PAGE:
And so are you. Not today (to the best of my knowledge). Actually, I don’t know when. But I do know the stats.
I have roughly a 35% chance of dying sometime in the next 18 years (before I’m 80). And about a 75% chance of kicking the bucket sometime in the next 28 years (before I reach the age of 90).
Your grandmother’s odds are better, Vera. Women have the benefit of living with men, which apparently is good for them. Women live longer. Living with women, on the other hand, apparently takes its tool on men. (Well, perhaps there are other possible explanations for this discrepancy in life expectancies!)
If you consider our odds as a married couple, it’s highly likely one of us (not sure who) will be alive in 18 years, but there’s only about a 50/50 chance that one of us will make it to 90.
All of this is relevant for two reasons: 1) financial planning and 2) life planning.
The way I figure it, if we intend to take any major trips, we should be doing it in the next 13 years, before I turn 75. And the sooner, the better. With each passing year, the risks increase.
On average, 75 is a turning point for the body. One shouldn’t be surprised to see things unraveling in that 75 to 80 time frame. Joints and organs wear out. Moreover, the mind may stop hitting on all cylinders (although that’s not necessarily a bad thing). Hence, the travel plans: England (your grandmother’s upcoming great English garden tour), Scotland (Scotch distillery trip with friend), Vietnam, Egypt and who knows where else.
But, of course, I’m referring to averages and odds. There’s no guarantee that I (or any of us, for that matter) will see 2018. Or February for that matter.
I do not find these facts to be depressing. Let’s face it, I’ve been in the process of dying since I came into the world at Seidel Hospital in Mechanicsburg, Pa. We call it living, but we could just as easily call it dying.
Instead, what we typically call dying is the stage when one’s physical condition deteriorates to the point that it’s reasonable to expect death in the near term. Not that everyone knows. Plenty of us will expire without notice, whether it be from a sudden, unexpected heart attack or stroke, auto accident or some other unforeseen event.
I came close to death more than once, but each time came out unscathed (well, perhaps not entirely). But it could just as easily have gone the other way. Who knows what will happen the next time? Or when the next time will be.
I don’t. But I don’t worry about it, either. There is nothing I can do about it. No amount of worry or belief can alter the reality of the human condition; it could only detract from the present and the life I have remaining.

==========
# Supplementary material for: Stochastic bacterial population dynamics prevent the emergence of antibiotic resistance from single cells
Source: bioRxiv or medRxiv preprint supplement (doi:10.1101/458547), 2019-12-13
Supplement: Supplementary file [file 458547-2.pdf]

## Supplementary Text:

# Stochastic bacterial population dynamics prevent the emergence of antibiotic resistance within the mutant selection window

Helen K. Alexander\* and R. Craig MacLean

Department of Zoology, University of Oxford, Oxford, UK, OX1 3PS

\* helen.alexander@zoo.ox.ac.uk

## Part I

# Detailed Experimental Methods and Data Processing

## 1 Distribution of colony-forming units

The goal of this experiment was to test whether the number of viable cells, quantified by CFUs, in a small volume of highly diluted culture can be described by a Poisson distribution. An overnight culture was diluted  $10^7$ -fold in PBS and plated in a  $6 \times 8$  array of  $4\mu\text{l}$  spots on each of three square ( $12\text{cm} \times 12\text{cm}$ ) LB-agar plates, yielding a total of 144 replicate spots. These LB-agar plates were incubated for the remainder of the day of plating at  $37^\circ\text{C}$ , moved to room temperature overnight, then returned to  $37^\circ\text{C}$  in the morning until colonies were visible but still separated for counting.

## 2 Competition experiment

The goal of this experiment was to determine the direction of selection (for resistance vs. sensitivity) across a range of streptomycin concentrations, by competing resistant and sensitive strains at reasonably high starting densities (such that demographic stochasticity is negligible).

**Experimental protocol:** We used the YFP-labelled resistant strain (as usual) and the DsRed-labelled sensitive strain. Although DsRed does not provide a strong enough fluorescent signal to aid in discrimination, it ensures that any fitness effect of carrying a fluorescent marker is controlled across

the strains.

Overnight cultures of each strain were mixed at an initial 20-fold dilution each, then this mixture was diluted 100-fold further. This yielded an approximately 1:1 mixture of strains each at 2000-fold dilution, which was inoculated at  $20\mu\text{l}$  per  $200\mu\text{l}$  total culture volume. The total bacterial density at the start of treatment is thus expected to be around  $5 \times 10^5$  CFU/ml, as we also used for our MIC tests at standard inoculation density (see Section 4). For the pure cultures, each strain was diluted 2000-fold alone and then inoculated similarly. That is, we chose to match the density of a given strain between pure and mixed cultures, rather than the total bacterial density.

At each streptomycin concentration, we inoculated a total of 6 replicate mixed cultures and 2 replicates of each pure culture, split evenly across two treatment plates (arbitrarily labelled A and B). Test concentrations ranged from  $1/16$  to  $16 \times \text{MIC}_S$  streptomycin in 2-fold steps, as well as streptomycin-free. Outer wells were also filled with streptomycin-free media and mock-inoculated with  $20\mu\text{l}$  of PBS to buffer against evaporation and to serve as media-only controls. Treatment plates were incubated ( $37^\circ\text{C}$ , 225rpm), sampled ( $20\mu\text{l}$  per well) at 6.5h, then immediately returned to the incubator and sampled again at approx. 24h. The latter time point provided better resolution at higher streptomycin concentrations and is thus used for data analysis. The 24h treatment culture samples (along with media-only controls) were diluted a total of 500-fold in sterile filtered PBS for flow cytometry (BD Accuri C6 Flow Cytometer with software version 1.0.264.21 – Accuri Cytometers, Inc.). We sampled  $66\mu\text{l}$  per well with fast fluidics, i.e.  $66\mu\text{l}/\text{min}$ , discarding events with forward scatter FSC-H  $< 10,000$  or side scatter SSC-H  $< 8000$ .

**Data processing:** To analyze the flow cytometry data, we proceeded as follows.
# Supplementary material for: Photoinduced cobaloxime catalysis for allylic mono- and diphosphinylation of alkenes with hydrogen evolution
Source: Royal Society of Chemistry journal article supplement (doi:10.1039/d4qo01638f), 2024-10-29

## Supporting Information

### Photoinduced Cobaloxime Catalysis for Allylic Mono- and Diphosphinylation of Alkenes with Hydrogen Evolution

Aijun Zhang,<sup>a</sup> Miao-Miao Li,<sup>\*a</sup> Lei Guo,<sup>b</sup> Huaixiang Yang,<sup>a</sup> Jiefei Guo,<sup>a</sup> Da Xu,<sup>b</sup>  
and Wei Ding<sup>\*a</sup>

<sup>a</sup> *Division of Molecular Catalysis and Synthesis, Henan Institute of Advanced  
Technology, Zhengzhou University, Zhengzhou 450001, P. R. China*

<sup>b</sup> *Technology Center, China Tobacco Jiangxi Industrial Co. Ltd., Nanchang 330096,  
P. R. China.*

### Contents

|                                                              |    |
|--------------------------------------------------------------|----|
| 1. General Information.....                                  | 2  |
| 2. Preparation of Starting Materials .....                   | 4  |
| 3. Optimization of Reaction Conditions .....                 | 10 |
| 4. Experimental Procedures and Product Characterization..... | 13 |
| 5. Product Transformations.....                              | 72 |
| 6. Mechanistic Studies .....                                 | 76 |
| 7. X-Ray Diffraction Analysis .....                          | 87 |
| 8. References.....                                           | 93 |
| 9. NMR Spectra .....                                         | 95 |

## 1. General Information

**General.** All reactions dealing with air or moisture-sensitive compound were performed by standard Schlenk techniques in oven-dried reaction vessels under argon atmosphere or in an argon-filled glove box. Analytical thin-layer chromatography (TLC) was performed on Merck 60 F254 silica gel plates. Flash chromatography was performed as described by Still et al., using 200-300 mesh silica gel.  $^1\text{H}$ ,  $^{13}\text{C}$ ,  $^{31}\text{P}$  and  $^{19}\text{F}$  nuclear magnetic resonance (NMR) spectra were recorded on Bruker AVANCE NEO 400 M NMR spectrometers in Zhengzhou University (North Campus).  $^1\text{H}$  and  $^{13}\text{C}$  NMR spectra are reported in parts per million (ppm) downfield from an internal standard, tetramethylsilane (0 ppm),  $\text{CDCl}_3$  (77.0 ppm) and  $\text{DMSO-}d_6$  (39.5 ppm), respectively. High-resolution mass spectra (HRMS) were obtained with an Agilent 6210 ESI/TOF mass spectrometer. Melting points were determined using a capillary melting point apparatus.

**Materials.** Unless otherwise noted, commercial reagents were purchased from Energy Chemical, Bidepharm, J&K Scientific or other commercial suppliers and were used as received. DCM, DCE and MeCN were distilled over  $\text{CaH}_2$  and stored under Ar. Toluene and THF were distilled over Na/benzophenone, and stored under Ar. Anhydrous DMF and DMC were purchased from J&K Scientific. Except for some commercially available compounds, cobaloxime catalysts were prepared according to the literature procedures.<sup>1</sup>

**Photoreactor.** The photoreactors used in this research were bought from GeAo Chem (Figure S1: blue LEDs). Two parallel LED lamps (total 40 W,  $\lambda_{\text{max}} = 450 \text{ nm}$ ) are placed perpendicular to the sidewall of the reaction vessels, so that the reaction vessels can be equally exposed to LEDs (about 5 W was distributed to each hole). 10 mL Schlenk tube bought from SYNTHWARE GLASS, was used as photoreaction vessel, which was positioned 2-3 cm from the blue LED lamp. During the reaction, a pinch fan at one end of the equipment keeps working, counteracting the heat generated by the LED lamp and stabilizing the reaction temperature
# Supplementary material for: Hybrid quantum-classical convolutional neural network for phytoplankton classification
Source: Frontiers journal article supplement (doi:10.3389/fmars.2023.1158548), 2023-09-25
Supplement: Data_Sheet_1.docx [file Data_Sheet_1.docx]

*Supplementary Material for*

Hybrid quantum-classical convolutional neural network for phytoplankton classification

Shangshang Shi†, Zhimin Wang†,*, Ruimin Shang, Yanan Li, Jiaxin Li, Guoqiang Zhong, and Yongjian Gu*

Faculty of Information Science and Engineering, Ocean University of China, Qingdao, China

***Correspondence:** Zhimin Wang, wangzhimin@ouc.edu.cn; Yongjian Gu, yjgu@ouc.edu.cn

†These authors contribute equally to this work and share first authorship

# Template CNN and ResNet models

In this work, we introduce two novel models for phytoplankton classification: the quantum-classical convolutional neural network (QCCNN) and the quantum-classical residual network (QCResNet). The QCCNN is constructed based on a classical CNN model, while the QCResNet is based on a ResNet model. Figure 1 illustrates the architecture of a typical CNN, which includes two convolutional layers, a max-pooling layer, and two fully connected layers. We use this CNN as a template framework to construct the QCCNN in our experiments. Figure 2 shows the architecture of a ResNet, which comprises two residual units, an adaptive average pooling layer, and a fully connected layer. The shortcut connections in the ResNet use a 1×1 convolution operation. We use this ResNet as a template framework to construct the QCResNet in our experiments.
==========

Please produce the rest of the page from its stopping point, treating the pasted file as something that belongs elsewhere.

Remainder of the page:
Of course, some people think there is something you can do about it. Indeed, some people believe we don’t die, but merely leave our shells (bodies) and move on to a different reality. Some believe in a heaven and hell.
Some people think you can be “saved” and have a blessed eternal life in “heaven” while those who weren’t “saved” go to hell or suffer some other unimaginable fate. I appreciate the appeal of such a story. Many of us would like to see the bastards get their just desserts in the end.
But I don’t buy it. If there is a god who’s as loving and powerful as people say, there’s no way he (or she) would countenance a place like the hell people describe. Frankly, I have enough trouble believing a loving all-powerful god would countenance all the crap that goes on here (on earth).
I also think it’s rather silly to think a deity would set up a reward-punishment system of the kind described in some churches. As a parent, I’d never play such a manipulative game with my own kids, at least not with such high stakes. Would a loving creator stoop to such a level? I doubt it.
So that’s where I come out with regard to the whole afterlife issue: perhaps there is something after death, perhaps there isn’t. There is no way of knowing and, in any event, nothing I can do about it. Long ago I realized that if one has to earn one’s way into heaven, it’s beyond my reach. And that heaven must be a really small place.
Actually, I don’t think anyone (or barely anyone) believes they’re going to heaven to spend an eternal bliss. If they did, they wouldn’t be so deathly afraid to die.
Many people, including ardent professed believers in the afterlife, will spend just about anything to keep death at bay for even a few more days and hours (especially when it’s someone else’s money they’re spending, for even conservatives becomes socialists in those end times). You’d think more people would be eager to get to heaven. But very few are.
That’s not to say that I’m any more courageous or selfless than anyone else. Or that I won’t fear death. I don’t today. And I hope I won’t in the future. But I might. Only time will tell.
I do know that I fear other people’s death. Well, perhaps fear isn’t the proper word. Dread. That’s it.
I’ll have more to say about that in the next post.
(P.S. The photo was taken at Death Valley a few days after Christmas last year.)